Eastern Michigan Asylum, photo submitted in 1981. Eastern Michigan Asylum, photo submitted in 1981.
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Eastern Michigan Asylum Historic District
140 Elizabeth Lake Rd., Pontiac - Oakland County
Other Names Clinton Valley Center; Boundary Decrease 6/18/86
Property Type brick buildings
Historic Use HEALTH CARE
Style Gothic
Late Victorian
Architect/Builder Charles Anderson
Elijah E. Myers
Robert O. Derrick
Smith, Hinchman and Grylls
Narrative Description The Eastern Michigan Asylum Historic District is comprised of forty-four randomly located structures. Many of the buildings are extensions of the original main building, which, as a result, has grown into a vast, spiderlike megastructure. The rambling, three and one-half story, main building built in 1875 to 1878 originally consisted of a center building containing offices and staff quarters with two identical wings, one for men and one for women. Large extensions were added to each of the patients' wings in several stages between 1882 and 1895 to match the original building. These buildings, designed by Elijah E. Myers, are picturesque structures in the High Victorian style made of red brick with elaborate steeply pitched, hipped, patterned slate roofs with multiple towers and pinnacles. Shallow buttresses accent the exterior design, reinforcing the vertical massing of the towers and bay windows. Cornices are made of wood and metal and the roof ventilators are of galvanized iron. Further, hipped-roofed, brick additions were made to the 1880s wings in 1906 and 1914. In 1938 extensive additions of Tudor design were made in front of the original building connected to the older structure by a narrow passage. In addition to the main building complex, architecturally significant buildings in the complex include the Sawyer and Vinton buildings, which were constructed in 1917 and 1893 respectively, and the Italian Renaissance style chapel built in 1907 designed by Smith, Hinchman and Grylls of Detroit.
Statement of Significance The Eastern Michigan Asylum is historically significant as a continuously operating state mental institution and architecturally important for its fine buildings illustrating changing styles and concepts in institutional design. The Eastern Michigan Asylum was authorized by the Michigan Legislature in 1873 as the second state mental institution. It was opened in August 1878. The institution brought many innovations to the care of the mentally ill including occupational therapy or work therapy programs and recreational activities, an attendants' training program, decentralized buildings for patient care, and research into the pathology of insanity and nervous diseases. As of 1981, the State of Michigan was phasing out such large residential structures for inpatient care of the mentally ill and other uses for the Eastern Michigan Asylum complex were being studied.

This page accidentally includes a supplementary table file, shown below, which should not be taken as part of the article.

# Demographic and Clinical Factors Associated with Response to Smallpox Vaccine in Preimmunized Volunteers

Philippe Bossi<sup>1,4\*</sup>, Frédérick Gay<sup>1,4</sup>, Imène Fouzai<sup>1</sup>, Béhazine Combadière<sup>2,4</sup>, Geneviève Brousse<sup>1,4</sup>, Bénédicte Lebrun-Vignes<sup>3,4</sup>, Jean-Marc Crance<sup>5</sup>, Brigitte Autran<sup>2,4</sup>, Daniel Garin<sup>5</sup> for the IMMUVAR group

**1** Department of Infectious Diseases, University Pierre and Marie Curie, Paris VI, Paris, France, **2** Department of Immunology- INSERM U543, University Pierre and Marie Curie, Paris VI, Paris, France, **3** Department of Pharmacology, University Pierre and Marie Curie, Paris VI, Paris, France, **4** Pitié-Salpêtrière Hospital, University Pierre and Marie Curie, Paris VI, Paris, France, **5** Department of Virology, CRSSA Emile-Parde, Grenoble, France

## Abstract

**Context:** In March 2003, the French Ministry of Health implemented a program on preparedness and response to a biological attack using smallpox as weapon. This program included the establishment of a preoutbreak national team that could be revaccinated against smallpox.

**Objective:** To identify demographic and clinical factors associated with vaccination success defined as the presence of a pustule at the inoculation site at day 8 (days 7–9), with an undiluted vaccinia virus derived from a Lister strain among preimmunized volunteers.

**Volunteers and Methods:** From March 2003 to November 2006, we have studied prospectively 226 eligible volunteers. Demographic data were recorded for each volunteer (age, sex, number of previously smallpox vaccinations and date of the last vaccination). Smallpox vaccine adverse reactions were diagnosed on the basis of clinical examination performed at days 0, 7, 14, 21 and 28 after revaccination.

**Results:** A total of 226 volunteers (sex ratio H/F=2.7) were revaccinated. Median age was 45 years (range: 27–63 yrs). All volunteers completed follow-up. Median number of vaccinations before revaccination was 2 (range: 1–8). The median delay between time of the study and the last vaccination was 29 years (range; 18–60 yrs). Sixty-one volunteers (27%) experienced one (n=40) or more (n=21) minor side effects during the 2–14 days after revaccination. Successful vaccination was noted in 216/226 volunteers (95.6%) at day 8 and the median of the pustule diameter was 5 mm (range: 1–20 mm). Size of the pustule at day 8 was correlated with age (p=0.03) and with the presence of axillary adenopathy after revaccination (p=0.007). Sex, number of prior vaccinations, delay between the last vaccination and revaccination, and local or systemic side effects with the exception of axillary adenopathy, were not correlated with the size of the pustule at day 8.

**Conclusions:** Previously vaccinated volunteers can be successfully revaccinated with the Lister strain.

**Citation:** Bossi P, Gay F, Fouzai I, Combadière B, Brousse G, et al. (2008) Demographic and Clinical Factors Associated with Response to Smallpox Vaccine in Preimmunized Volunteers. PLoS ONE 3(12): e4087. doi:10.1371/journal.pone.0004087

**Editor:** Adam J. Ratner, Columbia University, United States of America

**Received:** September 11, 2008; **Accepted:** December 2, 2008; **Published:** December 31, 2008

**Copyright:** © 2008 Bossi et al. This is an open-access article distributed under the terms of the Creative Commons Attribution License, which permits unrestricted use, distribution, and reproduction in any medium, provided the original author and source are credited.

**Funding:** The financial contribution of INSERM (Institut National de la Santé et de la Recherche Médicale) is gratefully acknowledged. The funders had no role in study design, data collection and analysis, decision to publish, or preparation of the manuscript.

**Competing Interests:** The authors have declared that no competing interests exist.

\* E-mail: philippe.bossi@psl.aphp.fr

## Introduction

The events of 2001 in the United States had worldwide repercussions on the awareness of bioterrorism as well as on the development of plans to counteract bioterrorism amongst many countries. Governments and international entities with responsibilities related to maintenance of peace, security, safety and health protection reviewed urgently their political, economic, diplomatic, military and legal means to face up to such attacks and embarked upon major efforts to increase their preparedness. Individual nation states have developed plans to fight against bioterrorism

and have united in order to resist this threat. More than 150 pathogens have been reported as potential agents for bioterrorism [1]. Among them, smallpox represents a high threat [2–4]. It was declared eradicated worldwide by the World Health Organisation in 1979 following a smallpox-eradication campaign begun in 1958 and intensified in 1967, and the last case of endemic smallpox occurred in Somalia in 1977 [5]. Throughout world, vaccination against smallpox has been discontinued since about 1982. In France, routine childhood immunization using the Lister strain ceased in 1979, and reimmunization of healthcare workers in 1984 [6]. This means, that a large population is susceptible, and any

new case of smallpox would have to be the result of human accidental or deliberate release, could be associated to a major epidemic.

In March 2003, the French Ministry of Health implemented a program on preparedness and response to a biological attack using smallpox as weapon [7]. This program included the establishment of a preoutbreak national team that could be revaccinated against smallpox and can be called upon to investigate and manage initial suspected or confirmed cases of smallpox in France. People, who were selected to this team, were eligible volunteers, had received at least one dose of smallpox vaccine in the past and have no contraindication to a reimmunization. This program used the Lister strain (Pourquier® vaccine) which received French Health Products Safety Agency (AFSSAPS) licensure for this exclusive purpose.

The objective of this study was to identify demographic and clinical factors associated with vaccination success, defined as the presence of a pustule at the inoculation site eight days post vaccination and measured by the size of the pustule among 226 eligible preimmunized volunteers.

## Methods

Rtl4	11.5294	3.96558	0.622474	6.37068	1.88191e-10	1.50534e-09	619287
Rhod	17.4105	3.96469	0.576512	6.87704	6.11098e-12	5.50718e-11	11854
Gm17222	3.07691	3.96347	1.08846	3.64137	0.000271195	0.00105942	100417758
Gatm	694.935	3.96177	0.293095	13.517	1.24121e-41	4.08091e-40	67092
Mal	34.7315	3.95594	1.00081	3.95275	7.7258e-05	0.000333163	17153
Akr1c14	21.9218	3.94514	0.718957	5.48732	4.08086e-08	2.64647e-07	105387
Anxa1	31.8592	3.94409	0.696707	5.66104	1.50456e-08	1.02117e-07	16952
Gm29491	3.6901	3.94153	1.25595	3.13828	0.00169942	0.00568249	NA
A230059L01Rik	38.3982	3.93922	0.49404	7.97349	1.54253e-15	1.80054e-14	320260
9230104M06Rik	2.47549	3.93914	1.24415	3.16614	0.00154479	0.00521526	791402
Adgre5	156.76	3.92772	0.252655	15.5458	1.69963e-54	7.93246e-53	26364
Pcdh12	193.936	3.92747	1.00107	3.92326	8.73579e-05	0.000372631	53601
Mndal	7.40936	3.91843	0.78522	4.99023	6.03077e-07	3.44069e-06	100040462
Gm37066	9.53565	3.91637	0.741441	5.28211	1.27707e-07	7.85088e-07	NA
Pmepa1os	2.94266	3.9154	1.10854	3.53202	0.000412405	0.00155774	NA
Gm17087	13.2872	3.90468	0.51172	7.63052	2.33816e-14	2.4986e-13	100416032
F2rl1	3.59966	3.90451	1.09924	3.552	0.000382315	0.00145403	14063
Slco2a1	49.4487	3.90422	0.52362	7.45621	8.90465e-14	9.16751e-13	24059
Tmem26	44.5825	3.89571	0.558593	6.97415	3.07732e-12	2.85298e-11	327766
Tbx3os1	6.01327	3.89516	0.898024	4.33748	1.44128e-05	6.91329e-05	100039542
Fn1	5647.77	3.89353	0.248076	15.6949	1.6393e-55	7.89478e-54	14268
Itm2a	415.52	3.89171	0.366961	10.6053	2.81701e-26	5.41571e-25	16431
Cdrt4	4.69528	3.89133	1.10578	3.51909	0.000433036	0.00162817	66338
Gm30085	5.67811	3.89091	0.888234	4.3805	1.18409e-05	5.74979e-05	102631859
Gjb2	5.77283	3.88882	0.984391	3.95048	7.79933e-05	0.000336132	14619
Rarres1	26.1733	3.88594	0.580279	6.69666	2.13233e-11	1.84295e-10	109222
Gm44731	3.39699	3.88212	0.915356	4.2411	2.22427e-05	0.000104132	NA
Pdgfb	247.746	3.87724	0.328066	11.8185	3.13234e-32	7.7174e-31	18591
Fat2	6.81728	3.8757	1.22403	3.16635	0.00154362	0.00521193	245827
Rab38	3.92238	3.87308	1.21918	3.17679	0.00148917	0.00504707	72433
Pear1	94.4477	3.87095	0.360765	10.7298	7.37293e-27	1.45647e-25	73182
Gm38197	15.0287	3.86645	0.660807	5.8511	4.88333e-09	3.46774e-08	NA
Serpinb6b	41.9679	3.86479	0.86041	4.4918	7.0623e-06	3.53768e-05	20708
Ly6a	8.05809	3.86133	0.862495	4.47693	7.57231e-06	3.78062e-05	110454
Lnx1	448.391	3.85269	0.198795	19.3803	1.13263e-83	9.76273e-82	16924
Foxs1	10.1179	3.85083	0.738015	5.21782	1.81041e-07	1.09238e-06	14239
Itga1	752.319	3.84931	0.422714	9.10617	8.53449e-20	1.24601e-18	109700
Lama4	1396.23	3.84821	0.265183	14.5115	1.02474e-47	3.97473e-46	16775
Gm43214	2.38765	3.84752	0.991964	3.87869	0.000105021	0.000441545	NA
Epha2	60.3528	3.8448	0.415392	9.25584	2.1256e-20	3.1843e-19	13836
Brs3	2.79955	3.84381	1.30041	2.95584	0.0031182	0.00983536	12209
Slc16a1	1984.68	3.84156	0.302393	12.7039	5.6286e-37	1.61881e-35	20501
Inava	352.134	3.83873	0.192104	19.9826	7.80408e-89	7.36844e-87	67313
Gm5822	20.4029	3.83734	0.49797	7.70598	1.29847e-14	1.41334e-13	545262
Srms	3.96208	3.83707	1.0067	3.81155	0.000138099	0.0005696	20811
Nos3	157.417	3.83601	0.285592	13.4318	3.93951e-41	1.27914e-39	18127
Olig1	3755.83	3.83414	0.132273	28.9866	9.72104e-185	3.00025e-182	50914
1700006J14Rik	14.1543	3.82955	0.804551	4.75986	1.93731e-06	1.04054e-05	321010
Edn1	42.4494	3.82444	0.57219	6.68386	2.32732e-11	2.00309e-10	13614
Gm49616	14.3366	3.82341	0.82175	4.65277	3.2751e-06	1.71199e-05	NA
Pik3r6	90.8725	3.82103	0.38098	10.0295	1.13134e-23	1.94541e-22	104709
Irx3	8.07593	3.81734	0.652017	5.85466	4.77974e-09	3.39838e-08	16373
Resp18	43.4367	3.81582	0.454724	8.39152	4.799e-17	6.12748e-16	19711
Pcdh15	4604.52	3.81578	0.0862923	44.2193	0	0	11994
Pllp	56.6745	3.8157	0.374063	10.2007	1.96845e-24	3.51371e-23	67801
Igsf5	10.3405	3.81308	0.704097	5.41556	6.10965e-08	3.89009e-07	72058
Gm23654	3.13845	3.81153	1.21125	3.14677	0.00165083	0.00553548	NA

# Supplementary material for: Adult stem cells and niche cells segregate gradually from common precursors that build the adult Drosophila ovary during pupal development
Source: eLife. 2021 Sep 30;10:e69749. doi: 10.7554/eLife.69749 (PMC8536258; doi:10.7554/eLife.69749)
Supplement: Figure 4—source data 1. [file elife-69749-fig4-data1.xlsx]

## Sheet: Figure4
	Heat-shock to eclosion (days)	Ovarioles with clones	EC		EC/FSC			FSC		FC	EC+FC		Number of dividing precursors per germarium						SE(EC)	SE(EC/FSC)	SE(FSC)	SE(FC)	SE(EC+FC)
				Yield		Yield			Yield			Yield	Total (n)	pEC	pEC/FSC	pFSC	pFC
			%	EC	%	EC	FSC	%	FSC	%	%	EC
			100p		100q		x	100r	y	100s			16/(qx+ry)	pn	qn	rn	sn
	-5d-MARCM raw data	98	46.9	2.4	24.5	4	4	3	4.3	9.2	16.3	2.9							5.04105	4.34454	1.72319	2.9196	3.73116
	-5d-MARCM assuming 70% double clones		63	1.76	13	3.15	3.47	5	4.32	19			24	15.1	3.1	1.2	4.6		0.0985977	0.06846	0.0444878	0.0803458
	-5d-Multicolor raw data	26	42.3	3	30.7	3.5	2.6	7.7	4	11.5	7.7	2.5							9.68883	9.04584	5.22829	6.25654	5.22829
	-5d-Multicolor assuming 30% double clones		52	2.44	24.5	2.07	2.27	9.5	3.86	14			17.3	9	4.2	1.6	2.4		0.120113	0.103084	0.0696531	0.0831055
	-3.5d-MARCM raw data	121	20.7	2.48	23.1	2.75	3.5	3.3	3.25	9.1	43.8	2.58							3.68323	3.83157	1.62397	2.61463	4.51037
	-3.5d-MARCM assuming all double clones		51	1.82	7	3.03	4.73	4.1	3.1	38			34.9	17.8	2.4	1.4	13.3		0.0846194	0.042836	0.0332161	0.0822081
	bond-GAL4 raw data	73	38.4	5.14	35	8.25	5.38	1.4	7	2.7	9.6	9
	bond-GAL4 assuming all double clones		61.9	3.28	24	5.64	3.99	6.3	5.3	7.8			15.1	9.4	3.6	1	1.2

Marker Name Clinton Valley Center
Marker Text CLINTON VALLEY CENTER The Clinton Valley Center has served southeastern Michigan for one hundred years and is the second oldest hospital for the mentally ill in the Great Lake state. Since opening in 1878, the center has employed seven superintendents. This institution was originally named Eastern Michigan Asylum; it became Pontiac State Hospital in 1911 and adopted the name Clinton Valley Center in 1973. The different names symbolize changing concepts in the treatment of mental illness. The first patient was admitted on July 31, 1878, a day before the official opening. Treating 222 patients at its start, this hospital now serves nearly 800 patients. It has advanced from a custodial institution to a modern treatment center which offers many kinds of therapy necessary for different emotional illnesses. SIDE TWO Elijah E. Myers, a renowned Michigan architect, designed the original hospital structure in 1875. Charles Anderson, a local architect, was responsible for the master plan of several of the residences. Smith, Hinchman and Grylls, of Detroit, drew up plans for the 1907 chapel building which is still extant. Patients using the extensive grounds for agriculture, dairy and cattle breeding projects were a familiar sight to the citizens of Pontiac. The Clinton Valley Center trains psychiatrists, nurses and other health care workers. Receiving a World's Fair Award in 1894 for "evidence of excellent fire protection, detached cottages for each sex, and a training school for attendants," this center continues to provide modern facilities for the mentally ill.
Period of Significance 1866-1900
Significant Date(s) 1878
Registry Type(s) 06/27/1978 Marker erected
03/20/1981 National Register listed
09/17/1974 State Register listed
Site ID# P24359